Rosemary Pritzker: It seems to like this shift away from “Oh, bad things are happening, someone else will take care of it,” to “Oh, yeah, this is a country by of and for the problem. I am the people. We are the people.” So once we have that realization or once any of us decides we want to step up and do something more than we have been doing, how do we find the courage to do that?
Marianne Manilov: Wow, that’s a good question. I think it’s a practice. Anything in my life that’ve done where I have done change, even if it’s something simple like going to the gym regularly, the change didn’t happen where all of a sudden I was a regular person meditating or going to the gym, or anything healthy. So I think organizing is a practice. It’s sometimes really easy in these mobilization moments to come out to a march or to get involved, but the staying power of having a long term practice, even when it’s ugly, even when you don’t want to, and to do that in a sustainable balanced way, really, especially when on this particular issue, gun violence, they’re up against enormous, enormous power in the NRA.
Rosemary Pritzker: Throughout this whole thing, I keep coming back to various words of Martin Luther King, because that’s whose words speak to me the most, particularly during this time of, like, the age of Parkland. So in his book Strength To Love, in the very beginning of it he talks about the importance of being tough minded and tender hearted instead of being soft minded and hard hearted. And I think that that distinction is really important, and I think that that the idea of being tough minded and tender hearted is a beautiful, powerful concept, and yet can be so hard to achieve when up against something like the NRA.
Marianne Manilov: I think that’s true. I think we also teach organizing of the mind when we know that movements are built from the heart. Dr. King spoke a lot about the beloved community and I think I have been to so many organizing meetings in my life that have no love in them. And that isn’t where we need to be. I very much worry about organizers who can’t turn it off or who are in spaces of anger instead of love. Not that you can never be angry, of course, you can be angry for a long time, but you can’t sustain anger for a year without it doing harm to your body. So you’ve got to find practices. You know, I always say to people, “You meditate, you do all this stuff.” I’m like, right. If I was an Olympic runner and I didn’t run, you would be like, “Well, you really can’t run the Olympics.” And you cannot dedicate a decade or two decades to working on deep social change and systemic issues without doing that work. It’s not possible to do that in a healthy way.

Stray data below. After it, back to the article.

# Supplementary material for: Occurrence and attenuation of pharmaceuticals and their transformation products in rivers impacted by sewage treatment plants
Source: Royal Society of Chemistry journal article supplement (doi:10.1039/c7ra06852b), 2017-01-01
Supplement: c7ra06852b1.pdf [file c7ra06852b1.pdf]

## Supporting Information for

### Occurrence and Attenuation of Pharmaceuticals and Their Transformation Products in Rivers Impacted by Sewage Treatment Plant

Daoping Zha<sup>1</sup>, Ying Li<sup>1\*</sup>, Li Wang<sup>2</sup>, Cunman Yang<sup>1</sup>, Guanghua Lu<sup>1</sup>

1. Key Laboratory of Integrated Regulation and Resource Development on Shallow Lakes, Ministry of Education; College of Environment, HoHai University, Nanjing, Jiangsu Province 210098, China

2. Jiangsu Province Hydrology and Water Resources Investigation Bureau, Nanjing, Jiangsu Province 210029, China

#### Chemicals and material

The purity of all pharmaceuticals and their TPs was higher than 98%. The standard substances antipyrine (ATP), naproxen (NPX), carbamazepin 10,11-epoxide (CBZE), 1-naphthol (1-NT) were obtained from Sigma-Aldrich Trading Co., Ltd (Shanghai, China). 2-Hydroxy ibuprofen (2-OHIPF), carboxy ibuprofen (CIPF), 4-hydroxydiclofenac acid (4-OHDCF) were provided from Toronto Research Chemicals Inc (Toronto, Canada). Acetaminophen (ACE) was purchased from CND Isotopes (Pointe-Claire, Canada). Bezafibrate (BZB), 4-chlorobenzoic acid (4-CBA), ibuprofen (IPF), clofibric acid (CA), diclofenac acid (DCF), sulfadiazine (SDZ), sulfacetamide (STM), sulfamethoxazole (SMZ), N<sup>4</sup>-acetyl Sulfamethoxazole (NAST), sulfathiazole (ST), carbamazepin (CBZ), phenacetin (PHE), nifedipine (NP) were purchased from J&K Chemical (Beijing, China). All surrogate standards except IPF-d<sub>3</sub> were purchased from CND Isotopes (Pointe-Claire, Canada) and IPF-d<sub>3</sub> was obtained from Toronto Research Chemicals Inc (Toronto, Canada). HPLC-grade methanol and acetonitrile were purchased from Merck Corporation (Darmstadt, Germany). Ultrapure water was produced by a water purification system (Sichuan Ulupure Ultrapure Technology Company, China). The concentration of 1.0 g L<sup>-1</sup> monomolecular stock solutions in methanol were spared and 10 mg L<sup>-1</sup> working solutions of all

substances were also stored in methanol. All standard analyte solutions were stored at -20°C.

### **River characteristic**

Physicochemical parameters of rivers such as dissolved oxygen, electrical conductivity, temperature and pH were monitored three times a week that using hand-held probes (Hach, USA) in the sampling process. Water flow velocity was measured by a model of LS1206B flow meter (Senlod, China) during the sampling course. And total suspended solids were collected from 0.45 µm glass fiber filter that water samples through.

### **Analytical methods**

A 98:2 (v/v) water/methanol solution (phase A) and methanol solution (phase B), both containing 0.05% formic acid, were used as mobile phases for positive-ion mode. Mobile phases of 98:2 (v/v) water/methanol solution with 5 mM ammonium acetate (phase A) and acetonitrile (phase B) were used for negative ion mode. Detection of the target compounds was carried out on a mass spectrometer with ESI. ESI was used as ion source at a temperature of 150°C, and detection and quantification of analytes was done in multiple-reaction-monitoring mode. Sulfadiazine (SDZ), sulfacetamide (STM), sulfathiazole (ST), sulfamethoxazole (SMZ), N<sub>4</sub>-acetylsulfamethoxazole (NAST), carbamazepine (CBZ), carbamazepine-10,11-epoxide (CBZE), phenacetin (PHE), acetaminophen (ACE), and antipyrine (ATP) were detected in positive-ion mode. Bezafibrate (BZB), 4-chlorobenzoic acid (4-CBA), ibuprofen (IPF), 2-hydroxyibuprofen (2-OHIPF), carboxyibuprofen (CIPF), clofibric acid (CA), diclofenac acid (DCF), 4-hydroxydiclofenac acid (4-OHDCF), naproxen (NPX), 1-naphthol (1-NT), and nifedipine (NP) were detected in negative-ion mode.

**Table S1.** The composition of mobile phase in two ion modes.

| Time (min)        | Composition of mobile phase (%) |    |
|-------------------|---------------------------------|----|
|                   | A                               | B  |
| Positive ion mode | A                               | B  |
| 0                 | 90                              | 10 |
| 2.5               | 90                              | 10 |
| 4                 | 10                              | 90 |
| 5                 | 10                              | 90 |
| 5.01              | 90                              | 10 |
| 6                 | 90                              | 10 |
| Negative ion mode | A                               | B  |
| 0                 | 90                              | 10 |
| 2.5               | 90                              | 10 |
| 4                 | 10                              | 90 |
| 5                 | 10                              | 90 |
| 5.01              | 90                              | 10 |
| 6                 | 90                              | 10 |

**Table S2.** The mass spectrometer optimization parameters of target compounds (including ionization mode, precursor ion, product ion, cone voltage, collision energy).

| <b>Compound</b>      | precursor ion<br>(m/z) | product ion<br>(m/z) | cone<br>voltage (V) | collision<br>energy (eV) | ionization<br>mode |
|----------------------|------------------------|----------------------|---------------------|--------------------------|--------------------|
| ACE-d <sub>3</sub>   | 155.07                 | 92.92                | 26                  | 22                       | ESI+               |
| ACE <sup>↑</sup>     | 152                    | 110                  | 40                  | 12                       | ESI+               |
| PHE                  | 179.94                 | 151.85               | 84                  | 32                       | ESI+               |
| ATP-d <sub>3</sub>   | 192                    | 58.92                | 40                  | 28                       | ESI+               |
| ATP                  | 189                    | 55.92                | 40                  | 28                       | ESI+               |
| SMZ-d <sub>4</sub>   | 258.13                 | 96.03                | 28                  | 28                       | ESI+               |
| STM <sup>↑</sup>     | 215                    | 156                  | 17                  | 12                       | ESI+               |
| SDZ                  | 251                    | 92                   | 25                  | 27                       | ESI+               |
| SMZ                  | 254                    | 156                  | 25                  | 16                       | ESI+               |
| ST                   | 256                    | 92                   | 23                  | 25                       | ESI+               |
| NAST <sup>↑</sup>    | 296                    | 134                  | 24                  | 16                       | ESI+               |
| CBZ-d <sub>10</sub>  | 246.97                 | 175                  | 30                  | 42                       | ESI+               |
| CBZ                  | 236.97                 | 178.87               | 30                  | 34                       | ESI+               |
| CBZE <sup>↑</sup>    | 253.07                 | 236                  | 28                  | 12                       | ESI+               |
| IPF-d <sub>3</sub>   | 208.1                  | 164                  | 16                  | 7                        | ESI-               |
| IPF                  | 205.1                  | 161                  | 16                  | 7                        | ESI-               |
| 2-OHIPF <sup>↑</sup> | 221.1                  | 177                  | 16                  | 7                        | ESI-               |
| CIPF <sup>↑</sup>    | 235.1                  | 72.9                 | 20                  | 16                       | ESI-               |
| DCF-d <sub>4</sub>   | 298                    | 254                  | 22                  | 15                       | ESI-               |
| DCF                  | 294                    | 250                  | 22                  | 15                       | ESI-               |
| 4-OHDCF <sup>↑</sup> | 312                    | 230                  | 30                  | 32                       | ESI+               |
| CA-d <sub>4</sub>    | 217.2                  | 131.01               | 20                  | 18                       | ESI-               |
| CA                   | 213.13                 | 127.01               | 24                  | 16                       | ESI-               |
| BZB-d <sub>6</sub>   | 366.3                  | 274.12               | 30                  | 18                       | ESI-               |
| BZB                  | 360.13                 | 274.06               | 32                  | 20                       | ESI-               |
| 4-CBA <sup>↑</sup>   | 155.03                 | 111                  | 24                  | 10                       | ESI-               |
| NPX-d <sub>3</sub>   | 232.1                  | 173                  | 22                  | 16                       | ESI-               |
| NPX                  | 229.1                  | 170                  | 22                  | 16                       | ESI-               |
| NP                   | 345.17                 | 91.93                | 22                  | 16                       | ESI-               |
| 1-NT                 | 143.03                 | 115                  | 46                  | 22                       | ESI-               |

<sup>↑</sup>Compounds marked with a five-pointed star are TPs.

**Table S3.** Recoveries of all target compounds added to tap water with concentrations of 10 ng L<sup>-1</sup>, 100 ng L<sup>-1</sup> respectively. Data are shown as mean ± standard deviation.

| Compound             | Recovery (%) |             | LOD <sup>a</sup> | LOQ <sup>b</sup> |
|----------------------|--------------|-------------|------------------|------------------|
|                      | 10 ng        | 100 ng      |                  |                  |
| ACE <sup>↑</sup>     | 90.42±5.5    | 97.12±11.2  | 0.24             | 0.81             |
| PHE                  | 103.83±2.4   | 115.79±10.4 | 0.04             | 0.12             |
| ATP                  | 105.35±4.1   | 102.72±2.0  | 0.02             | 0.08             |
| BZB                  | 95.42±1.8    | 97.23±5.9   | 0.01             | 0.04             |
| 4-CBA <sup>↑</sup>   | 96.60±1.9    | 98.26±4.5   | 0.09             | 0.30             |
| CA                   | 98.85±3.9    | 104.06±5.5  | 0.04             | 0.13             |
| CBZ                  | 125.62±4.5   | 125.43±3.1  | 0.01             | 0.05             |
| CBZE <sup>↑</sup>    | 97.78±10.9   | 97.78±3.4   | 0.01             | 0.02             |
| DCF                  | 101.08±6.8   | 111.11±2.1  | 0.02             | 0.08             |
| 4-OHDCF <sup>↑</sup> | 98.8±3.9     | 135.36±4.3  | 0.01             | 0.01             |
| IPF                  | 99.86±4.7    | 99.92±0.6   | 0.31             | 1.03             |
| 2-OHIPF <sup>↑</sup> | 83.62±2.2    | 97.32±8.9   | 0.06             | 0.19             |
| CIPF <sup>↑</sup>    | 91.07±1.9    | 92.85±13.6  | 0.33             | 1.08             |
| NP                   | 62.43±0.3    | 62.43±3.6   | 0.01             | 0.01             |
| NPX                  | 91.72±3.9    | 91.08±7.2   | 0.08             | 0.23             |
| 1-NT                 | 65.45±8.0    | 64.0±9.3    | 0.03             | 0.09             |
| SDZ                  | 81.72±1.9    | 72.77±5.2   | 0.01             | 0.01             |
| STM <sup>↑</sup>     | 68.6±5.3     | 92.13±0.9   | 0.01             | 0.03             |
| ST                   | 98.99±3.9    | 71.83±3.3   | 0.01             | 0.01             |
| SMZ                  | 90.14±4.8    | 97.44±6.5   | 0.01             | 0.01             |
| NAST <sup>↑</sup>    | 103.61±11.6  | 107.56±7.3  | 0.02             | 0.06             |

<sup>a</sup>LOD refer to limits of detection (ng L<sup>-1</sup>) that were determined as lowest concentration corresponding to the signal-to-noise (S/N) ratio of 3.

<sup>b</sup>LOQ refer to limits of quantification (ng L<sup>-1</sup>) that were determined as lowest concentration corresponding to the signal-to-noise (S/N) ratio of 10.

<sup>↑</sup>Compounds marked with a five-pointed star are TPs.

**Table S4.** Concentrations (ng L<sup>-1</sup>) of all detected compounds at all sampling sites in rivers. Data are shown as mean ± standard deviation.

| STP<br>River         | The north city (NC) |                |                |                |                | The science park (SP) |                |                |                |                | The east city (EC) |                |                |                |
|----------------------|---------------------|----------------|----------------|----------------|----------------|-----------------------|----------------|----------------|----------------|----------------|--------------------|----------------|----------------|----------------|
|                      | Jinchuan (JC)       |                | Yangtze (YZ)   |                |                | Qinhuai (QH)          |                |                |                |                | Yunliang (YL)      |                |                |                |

Marianne Manilov: So I worry about how do we train people who are coming into this. I mean, all of those kids are going to, or they have PTSD, right. So how do we make sure that we have those systems in place that help people to process through their past trauma, which they bring into the movement? And to do things sustainably in a way where they can stay truly present and open hearted and take breaks, because the way that you’re going to make the change is to commit for a decade. There have been enormous amounts of people who have come in who’ve never been involved and even though they thought they were going to go home, they’re still here. My biggest fear about the Parkland students is not that they will stop, my biggest fear about the Parkland students is that they won’t stop. They’re going to need somehow even in this bright of a spotlight to find ways even to, you know, like they say in the airlines, to give-
Rosemary Pritzker: Oxygen mask.
Marianne Manilov: Oxygen mask to each other, to take some breaks and some healing and other things. And it’s not to say that they’re not getting healed along the way, right. It’s not a one thing or another. There is healing in finding your purpose. On the other hand, talking to people like Pamela Bosley who gets up every day and had her son taken from her in a church parking lot in Chicago, she says, “Everyday I think of Terrell, how do I not think of Terrell.” She found the group Purpose Over Pain. He died in 2006. And so she is an early leader in the gun violence movement and these mothers come together, and heal each other, and she’s talked about wanting to take her own life. So they really bonded to find this and then also come together to help each other, and to heal each other, and then to take action. But, do you really get healed when your child is taken from you? I mean, I think part of the way you do that is through dedication and commitment to others and to holding on to each other.
Marianne Manilov: In any situation where people have really deeply been traumatized, whether that’s prison or whatever it is, that people can come together and heal by shared experience and by literally being in deep circle. There is so much circling happening at this time, people doing just deep listening to each other and gathering, and there is a lot of aloneness. So it’s these two things happening at once and it’s almost like which way are we going to choose? Are we going to choose hate and fear? Are we going to choose love and connection? And it feels like this choice is pretty stark, and we’re going to have to have conversations in all of these, many of these places, with people that we can’t name as other.
Rosemary Pritzker: Mm-hmm (affirmative). Just reminds me of Martin Luther King said something about it’s really hard to persuade someone when they can feel your underlying contempt. And there is so much contempt on both sides and in the middle all around on multiple issues that we’re dealing with here, but especially on the gun violence now. How do we get past that contempt and talk to each other?